You can’t serve a company without serving its customers in some way. They are the heart and soul of a business, so you should have a good idea of who their customers are. A couple of factors you should know include:

  • Demographics
  • Occupation
  • Hobbies
  • Interests
  • Pain points

Knowing this will help you better explain to the interviewer how you can contribute to the company in specific ways.

If you’re unsure of how to get this information, take a look at their reviews. Whether it’s on Google, Amazon, or even the company’s website, customers love to leave reviews of their experiences, and these reviews can give you insight into who they are and what they do or don’t like.

4) What is their history?

Looking at a company’s history will give you an idea of who they are, how they conduct business, and what direction they might move in. Knowing a company’s history is as important for your own sake as it is to impress the interviewer. You don’t want to end up in a company that historically does not take care of its employees.

You can find this kind of information all over the internet. From public stock offerings to social media, there’s a wealth of information out there that will give you insight into who the company is. Some helpful sites you can use include:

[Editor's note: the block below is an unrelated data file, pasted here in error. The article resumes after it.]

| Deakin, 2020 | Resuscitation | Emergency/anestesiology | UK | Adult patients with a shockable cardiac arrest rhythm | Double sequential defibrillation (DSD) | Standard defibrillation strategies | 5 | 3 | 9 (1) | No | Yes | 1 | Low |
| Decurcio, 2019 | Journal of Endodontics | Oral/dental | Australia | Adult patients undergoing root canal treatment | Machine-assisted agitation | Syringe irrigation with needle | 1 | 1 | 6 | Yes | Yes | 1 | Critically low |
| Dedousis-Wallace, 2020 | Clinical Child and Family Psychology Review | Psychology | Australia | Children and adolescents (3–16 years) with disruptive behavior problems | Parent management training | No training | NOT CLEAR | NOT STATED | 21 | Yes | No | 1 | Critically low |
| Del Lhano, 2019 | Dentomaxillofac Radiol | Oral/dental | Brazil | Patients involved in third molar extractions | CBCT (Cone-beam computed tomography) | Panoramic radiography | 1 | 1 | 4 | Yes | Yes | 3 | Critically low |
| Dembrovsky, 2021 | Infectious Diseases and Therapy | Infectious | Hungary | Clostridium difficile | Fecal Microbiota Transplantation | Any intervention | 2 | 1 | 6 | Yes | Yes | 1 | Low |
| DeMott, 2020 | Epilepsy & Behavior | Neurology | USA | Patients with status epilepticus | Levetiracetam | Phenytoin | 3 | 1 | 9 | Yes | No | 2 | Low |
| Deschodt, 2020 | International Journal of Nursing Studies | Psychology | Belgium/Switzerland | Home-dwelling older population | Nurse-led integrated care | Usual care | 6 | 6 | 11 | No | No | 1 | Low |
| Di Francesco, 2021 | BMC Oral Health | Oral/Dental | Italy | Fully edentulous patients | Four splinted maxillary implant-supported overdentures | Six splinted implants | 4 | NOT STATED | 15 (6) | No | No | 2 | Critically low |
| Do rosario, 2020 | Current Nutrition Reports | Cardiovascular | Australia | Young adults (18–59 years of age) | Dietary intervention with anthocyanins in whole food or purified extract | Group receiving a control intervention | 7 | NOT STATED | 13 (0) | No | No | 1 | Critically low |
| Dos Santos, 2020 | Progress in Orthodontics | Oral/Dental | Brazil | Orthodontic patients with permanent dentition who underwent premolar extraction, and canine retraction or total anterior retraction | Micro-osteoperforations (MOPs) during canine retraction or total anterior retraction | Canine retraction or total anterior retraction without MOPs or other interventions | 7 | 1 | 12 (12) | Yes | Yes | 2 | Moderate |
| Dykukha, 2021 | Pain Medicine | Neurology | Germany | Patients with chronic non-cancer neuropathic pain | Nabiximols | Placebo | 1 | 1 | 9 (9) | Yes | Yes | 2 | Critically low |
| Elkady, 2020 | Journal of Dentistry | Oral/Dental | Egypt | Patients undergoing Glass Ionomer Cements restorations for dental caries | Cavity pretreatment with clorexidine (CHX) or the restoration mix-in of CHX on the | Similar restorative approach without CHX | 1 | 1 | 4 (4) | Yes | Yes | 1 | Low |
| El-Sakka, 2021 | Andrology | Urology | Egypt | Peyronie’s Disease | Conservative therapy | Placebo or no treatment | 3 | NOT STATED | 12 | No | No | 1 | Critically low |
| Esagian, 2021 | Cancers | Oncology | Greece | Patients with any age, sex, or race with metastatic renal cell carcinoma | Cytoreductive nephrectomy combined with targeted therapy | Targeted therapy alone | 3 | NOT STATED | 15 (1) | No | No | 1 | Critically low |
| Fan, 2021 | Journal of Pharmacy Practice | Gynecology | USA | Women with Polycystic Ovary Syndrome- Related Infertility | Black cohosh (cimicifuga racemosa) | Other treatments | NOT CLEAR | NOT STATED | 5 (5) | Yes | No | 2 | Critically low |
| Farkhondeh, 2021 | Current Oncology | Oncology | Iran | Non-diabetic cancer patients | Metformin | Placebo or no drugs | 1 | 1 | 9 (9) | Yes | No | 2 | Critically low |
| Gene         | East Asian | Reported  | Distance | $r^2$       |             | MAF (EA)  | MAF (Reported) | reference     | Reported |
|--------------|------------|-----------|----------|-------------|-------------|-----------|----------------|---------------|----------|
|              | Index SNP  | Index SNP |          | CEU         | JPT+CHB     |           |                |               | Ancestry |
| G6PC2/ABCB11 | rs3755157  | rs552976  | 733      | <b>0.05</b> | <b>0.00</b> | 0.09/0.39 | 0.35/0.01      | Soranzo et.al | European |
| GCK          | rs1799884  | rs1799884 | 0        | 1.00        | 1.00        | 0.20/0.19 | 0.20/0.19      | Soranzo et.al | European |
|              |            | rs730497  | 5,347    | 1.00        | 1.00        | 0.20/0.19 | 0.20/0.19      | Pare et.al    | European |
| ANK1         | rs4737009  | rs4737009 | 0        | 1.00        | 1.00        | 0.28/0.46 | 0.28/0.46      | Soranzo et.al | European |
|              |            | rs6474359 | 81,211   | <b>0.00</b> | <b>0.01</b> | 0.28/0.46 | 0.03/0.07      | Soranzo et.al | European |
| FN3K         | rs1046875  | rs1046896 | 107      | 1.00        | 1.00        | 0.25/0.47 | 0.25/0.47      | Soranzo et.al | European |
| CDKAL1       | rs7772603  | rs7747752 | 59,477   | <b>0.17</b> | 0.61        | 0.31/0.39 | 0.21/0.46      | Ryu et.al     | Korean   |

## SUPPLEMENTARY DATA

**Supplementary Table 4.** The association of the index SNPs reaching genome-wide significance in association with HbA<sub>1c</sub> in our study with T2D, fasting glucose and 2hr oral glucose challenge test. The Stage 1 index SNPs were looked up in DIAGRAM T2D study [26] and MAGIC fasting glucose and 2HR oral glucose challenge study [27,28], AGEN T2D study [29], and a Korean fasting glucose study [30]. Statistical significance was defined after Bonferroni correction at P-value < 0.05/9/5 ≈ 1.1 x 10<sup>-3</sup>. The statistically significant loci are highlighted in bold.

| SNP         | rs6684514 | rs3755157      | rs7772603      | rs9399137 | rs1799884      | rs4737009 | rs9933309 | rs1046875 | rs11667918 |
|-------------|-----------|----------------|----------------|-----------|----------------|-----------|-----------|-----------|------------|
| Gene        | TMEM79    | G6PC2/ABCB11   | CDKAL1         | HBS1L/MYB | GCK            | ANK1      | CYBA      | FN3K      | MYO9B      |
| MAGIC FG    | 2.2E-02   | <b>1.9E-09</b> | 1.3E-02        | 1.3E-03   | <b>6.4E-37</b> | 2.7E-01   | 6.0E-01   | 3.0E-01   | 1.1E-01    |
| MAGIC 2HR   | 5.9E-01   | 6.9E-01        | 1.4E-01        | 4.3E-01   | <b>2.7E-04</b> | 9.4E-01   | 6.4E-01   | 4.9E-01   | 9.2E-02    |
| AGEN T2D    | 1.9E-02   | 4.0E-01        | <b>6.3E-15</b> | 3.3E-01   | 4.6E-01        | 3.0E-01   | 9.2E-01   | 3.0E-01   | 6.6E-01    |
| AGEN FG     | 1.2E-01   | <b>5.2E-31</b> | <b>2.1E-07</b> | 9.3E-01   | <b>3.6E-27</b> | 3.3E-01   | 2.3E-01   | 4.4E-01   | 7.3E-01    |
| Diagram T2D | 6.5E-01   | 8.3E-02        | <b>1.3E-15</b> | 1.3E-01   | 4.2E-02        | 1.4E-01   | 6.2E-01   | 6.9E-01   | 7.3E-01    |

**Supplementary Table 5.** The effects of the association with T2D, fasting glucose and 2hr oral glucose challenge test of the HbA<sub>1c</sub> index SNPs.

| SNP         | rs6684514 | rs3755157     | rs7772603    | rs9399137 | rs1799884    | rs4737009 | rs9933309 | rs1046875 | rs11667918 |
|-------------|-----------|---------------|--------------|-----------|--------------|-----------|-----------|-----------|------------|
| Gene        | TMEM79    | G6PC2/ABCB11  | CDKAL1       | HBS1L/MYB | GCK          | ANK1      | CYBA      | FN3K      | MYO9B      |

5) What does the company need?

Companies interview potential employees when they have a spot that needs to be filled, and it’s up to you to figure out what they need. Once you figure out what the need is, you can figure out the best strategy to position yourself as a solution to meet that need.

The best way to figure out what a company needs is often hidden in plain sight within their job ad. Take time to read the ad carefully and analyze the language they use. If the ad says they need someone who can adhere to a strict deadline, you’ll know they want someone results-oriented and organized. You can then use this information to your advantage.

6) Who is leading the company?

A company’s personality trickles down from the top. It’s important to know who is leading the company because this will give you insight into what the company values, what they are looking for, and what the company culture is like. You can be sure that other employees in management positions will share certain qualities with the CEO or president, so this will help you connect with them as well.

One of the best ways to find out more about a CEO or manager is through LinkedIn or Facebook. These platforms tend to attract mid- to high-level management, and they are more likely to share aspects of their personality on these websites.